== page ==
And now for the more fulsome tips from the night’s topic leaders:

Positioning, Branding, and Differentiation – Debra Pickrel
• Write and practice your brand elevator speech over and over. It answers the ubiquitous question, “So, tell me about yourself/your firm,” and aim for no longer than a minute. In your answer include who you/your firm are, what makes you unique, and why is this relevant. Make sure you mention three recent successes.
• Study what your competition is doing and saying to shape your brand language differently and with more impact. Use short, succinct, powerful words, and remember we live in a 140-character world now. Use high-powered visuals and videos that portray you in the best light.
• Confront potential roadblocks head-on. This might elucidate a clearer understanding of where you actually want to go, the resistance to stating a position due to ego or other factors, or funding needed to update a website or create a new site entirely.
• Fish where your fish are, so to speak, and don’t try to be all things to all people.

Public Relations and Social Media – Tami Hausman
• Develop a good strategy before you start any outreach program. You need to be clear about why you’re doing it and what you want to accomplish.
• News gets old fast, so be timely and take advantage of good news, whether it’s about a project or a person. Seize opportunities that come your way and make the most of them.
• Social media has expanded the opportunities to promote your work, people, and ideas. Don’t let the medium overcome the message. Make sure your content is appealing and timely.
• Focus on your client’s needs. Think about the publications they read and what they want to hear. That way, your outreach is targeted and accurate.

Business Development – Richard Staub
• Before reaching out, be very clear regarding what your firm is about, what differentiates it, and how it provides value. Have that internalized so that it comes to mind easily in a conversation.
• Establish yourself and your firm as a value provider as you develop the relationship. Demonstrate that you understand the other person’s concerns and priorities.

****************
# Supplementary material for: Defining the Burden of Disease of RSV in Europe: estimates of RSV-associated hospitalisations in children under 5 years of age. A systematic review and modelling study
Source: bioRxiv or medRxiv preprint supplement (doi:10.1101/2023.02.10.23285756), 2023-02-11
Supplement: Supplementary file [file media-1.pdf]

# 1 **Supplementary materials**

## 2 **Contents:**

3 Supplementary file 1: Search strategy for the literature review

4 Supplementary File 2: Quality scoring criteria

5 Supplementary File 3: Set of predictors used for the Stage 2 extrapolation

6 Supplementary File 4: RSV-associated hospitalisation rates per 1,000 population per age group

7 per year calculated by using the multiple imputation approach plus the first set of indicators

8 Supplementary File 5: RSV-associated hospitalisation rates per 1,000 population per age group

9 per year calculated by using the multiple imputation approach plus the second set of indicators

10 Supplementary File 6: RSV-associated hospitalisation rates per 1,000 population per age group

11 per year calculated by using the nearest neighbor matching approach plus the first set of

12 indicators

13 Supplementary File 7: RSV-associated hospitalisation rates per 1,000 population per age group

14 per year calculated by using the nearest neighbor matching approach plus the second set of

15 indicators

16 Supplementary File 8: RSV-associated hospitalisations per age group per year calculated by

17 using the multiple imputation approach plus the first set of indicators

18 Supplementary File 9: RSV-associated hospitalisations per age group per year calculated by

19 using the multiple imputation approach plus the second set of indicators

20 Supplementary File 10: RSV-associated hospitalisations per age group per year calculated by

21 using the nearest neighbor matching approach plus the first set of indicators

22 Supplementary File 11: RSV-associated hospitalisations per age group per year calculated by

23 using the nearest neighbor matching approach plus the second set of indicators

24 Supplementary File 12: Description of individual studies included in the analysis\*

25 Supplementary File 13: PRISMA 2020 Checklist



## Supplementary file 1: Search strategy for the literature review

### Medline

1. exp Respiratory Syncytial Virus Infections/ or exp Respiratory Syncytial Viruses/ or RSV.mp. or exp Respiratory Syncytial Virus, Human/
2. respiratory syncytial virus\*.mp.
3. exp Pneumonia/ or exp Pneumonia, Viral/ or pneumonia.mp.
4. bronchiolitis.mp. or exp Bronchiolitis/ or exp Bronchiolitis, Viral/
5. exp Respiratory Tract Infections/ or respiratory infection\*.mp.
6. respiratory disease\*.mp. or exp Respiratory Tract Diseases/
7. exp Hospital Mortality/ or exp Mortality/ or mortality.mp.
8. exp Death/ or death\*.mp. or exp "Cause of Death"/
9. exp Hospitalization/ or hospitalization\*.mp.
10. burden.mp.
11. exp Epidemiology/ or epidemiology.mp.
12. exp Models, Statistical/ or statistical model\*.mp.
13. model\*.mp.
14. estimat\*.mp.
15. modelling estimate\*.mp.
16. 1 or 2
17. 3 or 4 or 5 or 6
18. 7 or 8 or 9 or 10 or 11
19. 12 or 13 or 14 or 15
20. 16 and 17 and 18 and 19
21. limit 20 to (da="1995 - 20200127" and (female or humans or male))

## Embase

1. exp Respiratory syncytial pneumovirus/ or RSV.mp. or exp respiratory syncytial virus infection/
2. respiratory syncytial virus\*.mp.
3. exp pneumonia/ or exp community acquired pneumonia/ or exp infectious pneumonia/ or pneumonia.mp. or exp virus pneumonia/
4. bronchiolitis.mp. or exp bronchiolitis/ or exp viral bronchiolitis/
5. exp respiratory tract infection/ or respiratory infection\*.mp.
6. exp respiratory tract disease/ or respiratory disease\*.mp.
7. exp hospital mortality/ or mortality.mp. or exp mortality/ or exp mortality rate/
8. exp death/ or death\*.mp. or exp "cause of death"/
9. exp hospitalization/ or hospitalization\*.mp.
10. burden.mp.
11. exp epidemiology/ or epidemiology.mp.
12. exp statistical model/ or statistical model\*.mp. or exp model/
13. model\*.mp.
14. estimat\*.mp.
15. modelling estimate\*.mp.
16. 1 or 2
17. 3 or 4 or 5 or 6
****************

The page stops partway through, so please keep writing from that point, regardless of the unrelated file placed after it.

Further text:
• Build your comfort level with the process by doing research on the people and institutions you’re reaching out to. If you are calling someone for the first time, use LinkedIn to see if you have a friend in common who will recommend you or can tell you something about the person to whom you wish to contact.

Proposal and Interview Process – Kirsten Sibilia, Assoc. AIA, LEED AP
• Understand the differences between writing a proposal for the public and private sectors.
• Draft the cover letter of a proposal first; describe in a few paragraphs the expertise that your firm provides that is specifically relevant to the project, and your excitement about the assignment. That becomes a touchstone as you develop a compelling narrative to support it throughout your proposal.
• A proposal is a reflection of the quality of design your firm can deliver, so it’s imperative that it is thoughtful, well-designed, and free of typos.
• If appropriate, invite the potential client to visit your office so they can experience your office culture.

Strategic Outreach – Frances Gretes
• Be the only architect on the program. Propose to speak where you are featured as the only expert.
• Research and target venues where your expected audience is most likely to include prospective clients. Look at attendee lists, past programs, and publicity about past programs. Also speak “outside of the box” at associations or to groups that cross into a different field but have related interests.
• Direct your topic to a particular need or interest of your target audience rather than on self-promotion.